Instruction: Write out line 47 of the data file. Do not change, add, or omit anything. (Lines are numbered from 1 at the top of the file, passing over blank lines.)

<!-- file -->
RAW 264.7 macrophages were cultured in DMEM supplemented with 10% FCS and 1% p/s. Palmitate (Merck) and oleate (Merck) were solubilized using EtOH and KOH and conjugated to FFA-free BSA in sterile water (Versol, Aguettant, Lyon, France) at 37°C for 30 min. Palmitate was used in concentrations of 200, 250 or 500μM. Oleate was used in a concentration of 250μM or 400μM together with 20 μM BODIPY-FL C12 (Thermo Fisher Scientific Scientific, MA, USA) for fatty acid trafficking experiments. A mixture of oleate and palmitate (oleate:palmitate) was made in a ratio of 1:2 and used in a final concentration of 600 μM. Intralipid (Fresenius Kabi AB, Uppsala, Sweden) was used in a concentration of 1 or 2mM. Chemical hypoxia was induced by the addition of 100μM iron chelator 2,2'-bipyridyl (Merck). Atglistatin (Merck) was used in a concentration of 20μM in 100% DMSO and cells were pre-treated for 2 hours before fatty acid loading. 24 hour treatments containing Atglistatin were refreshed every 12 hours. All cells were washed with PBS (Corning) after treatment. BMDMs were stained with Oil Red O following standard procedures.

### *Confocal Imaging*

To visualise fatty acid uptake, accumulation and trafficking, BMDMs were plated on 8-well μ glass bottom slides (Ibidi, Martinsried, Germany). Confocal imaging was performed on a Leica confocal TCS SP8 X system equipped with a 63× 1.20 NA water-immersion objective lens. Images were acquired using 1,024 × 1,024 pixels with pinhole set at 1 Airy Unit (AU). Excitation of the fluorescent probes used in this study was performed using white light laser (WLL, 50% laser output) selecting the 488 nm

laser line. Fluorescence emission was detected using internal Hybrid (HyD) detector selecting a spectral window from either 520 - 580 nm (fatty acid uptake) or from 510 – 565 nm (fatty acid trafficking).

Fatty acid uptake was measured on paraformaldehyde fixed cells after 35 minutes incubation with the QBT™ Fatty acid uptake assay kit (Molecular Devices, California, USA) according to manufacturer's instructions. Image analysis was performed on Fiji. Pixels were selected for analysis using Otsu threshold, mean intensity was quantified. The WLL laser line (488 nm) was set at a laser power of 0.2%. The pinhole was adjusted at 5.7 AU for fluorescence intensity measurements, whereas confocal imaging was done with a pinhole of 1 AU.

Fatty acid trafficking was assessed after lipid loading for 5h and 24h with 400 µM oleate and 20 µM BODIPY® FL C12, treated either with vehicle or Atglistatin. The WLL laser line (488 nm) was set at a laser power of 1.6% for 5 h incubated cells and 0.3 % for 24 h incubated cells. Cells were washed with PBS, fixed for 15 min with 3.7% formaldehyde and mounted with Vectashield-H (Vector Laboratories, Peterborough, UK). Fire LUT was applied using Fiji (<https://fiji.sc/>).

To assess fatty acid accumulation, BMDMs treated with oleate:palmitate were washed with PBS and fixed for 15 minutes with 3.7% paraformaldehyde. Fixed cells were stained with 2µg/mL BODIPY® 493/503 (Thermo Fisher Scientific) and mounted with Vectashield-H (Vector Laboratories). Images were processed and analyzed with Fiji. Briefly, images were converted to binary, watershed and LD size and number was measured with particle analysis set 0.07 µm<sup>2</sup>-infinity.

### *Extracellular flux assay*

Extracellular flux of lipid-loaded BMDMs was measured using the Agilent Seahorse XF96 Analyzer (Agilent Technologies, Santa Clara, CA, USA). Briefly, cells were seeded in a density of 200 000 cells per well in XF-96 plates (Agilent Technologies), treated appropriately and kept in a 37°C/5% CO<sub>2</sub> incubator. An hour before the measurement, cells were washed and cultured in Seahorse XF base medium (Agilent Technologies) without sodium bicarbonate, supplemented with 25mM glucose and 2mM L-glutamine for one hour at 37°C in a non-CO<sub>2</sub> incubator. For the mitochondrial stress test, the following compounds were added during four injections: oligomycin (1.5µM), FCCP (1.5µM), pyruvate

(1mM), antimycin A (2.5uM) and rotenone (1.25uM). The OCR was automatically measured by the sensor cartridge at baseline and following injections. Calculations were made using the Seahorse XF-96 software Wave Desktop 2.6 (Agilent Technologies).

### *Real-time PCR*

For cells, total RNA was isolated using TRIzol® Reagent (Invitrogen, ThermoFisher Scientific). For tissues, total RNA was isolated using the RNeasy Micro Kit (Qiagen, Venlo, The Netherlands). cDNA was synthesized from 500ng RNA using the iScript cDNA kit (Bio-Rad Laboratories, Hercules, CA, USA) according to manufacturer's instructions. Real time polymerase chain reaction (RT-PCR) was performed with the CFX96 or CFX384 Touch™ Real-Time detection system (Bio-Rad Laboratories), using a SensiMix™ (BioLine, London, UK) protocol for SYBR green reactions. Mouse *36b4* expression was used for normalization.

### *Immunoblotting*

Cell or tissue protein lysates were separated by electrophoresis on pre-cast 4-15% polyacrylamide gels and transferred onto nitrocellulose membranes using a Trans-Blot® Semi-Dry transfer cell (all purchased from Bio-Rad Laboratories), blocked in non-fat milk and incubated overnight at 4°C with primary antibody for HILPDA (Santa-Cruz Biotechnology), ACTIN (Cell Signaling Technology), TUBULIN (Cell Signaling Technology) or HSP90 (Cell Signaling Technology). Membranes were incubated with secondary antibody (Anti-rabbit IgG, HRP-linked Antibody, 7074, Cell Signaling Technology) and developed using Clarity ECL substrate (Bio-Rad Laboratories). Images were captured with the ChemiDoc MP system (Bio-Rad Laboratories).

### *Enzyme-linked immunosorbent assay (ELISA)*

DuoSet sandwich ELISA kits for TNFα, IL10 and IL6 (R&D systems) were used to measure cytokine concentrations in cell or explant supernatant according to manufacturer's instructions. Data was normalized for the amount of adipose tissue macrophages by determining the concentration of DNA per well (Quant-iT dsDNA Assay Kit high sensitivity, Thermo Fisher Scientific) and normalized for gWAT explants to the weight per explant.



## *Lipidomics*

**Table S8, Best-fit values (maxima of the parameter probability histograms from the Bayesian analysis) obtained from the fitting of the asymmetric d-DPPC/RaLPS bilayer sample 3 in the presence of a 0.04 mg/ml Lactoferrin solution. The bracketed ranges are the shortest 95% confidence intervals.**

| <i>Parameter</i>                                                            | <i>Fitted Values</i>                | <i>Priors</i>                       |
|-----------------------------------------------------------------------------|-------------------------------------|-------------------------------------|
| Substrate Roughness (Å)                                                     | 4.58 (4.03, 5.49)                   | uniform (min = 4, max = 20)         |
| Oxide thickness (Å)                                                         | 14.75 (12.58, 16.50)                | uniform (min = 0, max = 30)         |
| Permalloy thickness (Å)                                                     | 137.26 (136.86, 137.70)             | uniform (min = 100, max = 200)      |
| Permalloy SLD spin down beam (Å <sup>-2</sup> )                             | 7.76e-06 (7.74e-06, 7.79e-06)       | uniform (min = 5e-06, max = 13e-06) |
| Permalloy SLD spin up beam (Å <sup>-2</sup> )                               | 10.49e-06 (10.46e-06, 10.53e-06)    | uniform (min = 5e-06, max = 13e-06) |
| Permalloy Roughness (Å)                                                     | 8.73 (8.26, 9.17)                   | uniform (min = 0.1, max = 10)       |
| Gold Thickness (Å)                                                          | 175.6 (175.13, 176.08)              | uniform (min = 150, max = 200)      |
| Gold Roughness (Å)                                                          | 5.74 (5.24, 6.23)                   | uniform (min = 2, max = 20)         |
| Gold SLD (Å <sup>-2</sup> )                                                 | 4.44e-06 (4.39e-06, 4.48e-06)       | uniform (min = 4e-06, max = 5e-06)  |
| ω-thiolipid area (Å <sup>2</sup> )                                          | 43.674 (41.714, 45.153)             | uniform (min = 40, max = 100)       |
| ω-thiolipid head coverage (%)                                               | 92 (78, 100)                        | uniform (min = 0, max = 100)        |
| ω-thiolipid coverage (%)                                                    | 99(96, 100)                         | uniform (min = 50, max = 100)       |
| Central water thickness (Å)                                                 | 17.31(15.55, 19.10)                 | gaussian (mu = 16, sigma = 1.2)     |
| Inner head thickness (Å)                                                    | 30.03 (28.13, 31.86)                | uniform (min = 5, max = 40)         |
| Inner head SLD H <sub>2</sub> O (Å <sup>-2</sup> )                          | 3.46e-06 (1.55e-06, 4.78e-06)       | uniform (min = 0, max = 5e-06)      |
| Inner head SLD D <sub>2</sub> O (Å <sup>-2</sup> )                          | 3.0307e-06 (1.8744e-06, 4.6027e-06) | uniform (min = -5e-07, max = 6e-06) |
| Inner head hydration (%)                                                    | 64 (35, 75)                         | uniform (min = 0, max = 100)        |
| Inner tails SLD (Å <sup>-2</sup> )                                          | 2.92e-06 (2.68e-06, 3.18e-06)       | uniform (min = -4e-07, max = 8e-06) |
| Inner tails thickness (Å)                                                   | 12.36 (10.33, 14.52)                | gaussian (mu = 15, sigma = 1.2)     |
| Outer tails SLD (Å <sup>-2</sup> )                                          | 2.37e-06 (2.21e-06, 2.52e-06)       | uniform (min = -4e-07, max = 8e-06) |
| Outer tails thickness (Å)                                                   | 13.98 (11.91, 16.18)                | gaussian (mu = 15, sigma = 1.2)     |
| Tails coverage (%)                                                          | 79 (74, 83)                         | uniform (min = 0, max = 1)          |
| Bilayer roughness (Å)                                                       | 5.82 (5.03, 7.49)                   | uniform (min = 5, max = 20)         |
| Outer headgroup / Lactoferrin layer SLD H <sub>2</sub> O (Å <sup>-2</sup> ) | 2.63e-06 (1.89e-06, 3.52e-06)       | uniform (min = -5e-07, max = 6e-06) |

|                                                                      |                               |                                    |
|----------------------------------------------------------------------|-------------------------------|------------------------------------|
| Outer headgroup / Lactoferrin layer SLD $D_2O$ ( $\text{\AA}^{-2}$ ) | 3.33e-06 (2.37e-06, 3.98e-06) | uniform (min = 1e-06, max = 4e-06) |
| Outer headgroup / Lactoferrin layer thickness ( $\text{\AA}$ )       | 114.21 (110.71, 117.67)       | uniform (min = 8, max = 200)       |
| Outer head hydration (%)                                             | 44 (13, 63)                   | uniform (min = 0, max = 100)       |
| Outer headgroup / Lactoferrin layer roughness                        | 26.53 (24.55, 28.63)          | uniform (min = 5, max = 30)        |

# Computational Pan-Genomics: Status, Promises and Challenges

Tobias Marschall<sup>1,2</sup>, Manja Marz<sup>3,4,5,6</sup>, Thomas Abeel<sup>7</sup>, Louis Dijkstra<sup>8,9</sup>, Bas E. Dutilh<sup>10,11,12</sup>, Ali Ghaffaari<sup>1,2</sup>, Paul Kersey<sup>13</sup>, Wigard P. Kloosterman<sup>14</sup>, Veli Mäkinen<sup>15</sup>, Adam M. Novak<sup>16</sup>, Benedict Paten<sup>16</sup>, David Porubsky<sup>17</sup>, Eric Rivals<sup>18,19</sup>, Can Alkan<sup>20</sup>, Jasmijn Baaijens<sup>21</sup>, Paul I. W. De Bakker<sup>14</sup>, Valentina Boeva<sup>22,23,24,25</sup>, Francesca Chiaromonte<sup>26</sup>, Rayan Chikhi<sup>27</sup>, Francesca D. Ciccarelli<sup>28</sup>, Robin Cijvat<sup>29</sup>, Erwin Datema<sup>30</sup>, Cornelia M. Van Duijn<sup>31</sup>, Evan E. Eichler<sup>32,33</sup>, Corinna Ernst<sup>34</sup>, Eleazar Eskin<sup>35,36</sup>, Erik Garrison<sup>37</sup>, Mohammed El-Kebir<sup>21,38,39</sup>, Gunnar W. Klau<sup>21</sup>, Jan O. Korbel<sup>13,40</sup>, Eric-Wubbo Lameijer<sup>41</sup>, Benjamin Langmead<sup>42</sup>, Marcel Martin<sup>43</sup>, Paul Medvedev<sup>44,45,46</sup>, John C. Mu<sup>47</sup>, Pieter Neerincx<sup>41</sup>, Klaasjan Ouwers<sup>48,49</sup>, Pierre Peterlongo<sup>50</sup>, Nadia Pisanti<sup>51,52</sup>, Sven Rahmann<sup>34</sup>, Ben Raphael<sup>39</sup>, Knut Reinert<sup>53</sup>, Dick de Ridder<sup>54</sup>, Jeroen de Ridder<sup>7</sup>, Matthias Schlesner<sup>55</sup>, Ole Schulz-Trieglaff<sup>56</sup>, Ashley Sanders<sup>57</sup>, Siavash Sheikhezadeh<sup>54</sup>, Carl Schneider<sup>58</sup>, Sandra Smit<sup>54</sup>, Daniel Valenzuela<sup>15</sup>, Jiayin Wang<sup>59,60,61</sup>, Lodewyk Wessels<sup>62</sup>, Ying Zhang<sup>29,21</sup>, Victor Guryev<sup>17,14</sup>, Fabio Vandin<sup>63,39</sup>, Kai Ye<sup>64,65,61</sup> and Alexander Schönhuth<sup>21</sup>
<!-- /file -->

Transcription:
| Outer headgroup / Lactoferrin layer SLD $D_2O$ ( $\text{\AA}^{-2}$ ) | 3.33e-06 (2.37e-06, 3.98e-06) | uniform (min = 1e-06, max = 4e-06) |